You probably know that Facebook just opened up its third-ever Site Governance Vote, allowing users to vote on proposed changes to the company’s SSR and Data Use policies. Or maybe you have no idea. Maybe you don’t care. That’s fine, but there are thousands of users that do know and do care – and their votes are as useless as Democratic votes in Mississippi.
Like previous Site Governance votes, Facebook is letting users weigh in on proposed changes to the site’s governing documents. The big difference this time is that Facebook is also letting users weigh in on whether or not this should be the last time they get to vote on these types of changes. Facebook wants to get rid of the roughly three-year-old system that allows users to trigger a vote on policy changes with a comment threshold, saying that the site has “outgrown” the system.
Have you participated in a Facebook Site Governance vote? Do you even care? Let us know what you think in the comments.
Apart from the voting mechanism, Facebook wants to change their policy on sharing data with affiliates, as well as Facebook Messages and data visibility on users’ Timelines. As expected, the early vote looks to swing hard toward “nay” on these changes. But with Facebook’s current Site Governance voting structure, users simply have no real chance in affecting the company’s policy.
That’s where Facebook and its users can agree: the voting system is flawed and the site has most definitely outgrown it. From Facebook’s point of view, the 7,000 comment threshold designed to trigger a vote lends itself to manipulation by over-zealous privacy advocates. And they’re right – it’s happened before. The last Site Governance vote back in June was triggered in large part by the efforts by a privacy group called Europe v. Facebook, who flooded the policy proposals with comments to force the vote.
That vote saw a whopping .038% participation rate from Facebook users. Because of the low turnout, Facebook was able to push the proposed policy changes through even though a majority of users voted against them.
And that’s the other reason why the current voting system is broken. Once a vote is triggered, users have about a week to cast their vote. Facebook then requires that 30% of the active user base vote in order for the results of said vote to be binding. If fewer than 30% vote, the results are merely “advisory.” Read: Facebook can ignore them altogether.
Since Facebook has over 1 billion MAUs, that means that over 300,000,000 users would have to vote in order for Facebook to be held to the will of the user base. Last vote saw 342,632 participants. I’m sure you see the problem here.
That’s why it’s incredibly unlikely that the current Site Governance vote, no matter how it turns out, will be a binding mandate from the people. There’s just not enough interest in the process. As it stands, Facebook’s voting system is too easy to manipulate and so demanding as to render it worthless.
In June, when the vote received such a low participation rate, Facebook defended their 30% threshold, saying,
“We made significant efforts to make voting easy and accessible – including translating the documents and voting application into several of the world’s most popular languages and providing extensive notice through users’ news feeds and desktop and mobile advertisements. There has also been widespread media attention and coverage of our notice and comment and voting process.”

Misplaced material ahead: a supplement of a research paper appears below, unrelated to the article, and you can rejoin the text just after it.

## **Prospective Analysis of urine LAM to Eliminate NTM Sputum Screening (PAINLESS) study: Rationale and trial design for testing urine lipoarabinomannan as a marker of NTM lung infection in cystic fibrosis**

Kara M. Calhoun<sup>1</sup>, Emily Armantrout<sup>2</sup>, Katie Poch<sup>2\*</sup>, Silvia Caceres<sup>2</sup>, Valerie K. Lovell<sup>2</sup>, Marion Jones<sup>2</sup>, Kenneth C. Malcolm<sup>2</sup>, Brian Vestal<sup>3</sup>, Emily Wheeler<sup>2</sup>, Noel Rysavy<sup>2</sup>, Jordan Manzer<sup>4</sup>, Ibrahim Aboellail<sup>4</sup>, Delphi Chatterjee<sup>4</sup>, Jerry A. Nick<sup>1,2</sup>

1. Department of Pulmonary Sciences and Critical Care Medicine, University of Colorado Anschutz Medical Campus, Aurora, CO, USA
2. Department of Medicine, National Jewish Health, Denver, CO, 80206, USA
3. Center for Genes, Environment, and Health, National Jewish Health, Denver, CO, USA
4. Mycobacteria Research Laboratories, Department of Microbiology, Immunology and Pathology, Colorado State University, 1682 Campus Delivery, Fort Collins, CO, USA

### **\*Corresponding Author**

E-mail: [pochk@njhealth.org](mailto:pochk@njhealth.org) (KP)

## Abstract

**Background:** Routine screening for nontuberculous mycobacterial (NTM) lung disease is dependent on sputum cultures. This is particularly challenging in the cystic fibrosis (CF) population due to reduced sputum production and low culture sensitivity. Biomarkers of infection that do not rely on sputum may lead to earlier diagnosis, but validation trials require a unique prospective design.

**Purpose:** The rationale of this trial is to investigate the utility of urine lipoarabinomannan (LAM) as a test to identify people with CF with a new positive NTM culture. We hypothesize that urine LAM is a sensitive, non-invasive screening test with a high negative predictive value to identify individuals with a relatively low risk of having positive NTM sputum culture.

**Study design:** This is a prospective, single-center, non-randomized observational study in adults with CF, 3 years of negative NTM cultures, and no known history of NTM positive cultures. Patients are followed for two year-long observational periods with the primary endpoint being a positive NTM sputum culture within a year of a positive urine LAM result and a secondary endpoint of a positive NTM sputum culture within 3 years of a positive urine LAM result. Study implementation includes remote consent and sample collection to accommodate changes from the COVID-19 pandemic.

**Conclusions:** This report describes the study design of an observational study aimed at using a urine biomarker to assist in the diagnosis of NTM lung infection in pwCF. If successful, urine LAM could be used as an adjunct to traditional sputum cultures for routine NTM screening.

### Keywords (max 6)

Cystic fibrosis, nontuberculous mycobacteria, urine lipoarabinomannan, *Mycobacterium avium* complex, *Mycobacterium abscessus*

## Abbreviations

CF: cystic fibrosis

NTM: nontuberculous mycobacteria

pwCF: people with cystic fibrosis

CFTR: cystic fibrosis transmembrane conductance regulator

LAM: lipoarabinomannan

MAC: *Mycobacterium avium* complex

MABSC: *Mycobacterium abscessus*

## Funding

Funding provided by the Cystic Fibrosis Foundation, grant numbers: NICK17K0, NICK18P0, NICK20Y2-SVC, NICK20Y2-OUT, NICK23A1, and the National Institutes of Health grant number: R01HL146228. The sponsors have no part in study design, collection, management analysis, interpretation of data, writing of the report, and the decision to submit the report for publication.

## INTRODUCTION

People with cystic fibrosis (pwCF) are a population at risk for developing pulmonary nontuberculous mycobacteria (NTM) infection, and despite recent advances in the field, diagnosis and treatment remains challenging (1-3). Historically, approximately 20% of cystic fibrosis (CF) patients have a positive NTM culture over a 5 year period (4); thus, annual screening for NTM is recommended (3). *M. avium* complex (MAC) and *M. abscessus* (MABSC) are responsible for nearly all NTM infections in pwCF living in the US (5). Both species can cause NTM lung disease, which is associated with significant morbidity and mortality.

At the time, Facebook said that they would “review the process to determine how to maximize our ability to promote user engagement and participation in our site governance process in the future.” And as we now know, that review led to the conclusion that the whole thing be scrapped in favor of a more involved user feedback program for proposed policy changes.
That brings us the the current vote, in progress. After nearly a day of voting, users are overwhelmingly against the new policies.
Although 58,000 votes in less than 24 hours seems like a lot of interest, you have to realize just how small of a chunk of the entire user base it really is. Considering Facebook has 1 billion active users, the current tally represents .0058% of all users. That has to somehow make its way to 30% by December 10th. I think it’s safe to say that it’s highly unlikely, if not impossible.
So, Facebook’s new privacy changes and the abolition of the voting process will go through as planned. While the current voting system is obviously worthless, I don’t think that a voting system is worthless. One that made it harder to trigger a vote, but easier to make that vote binding sounds like a pretty good option – at least to try. In reality, generating enough interest in something like a Site Governance vote would always be a difficult venture. But eliminating the vote entirely is sure to piss people off.
The only problem is that it’s not going to piss off nearly enough people for it to matter.
What do you think? Should Facebook get rid of the voting mechanism for proposed policy changes? What kind of system do you think would work best? How could the company prevent manipulation but allow users to have their voice heard?
Tags: Data data use policy Facebook facebook governance Facebook Governance Vote facebook site governance Policy Privacy Voting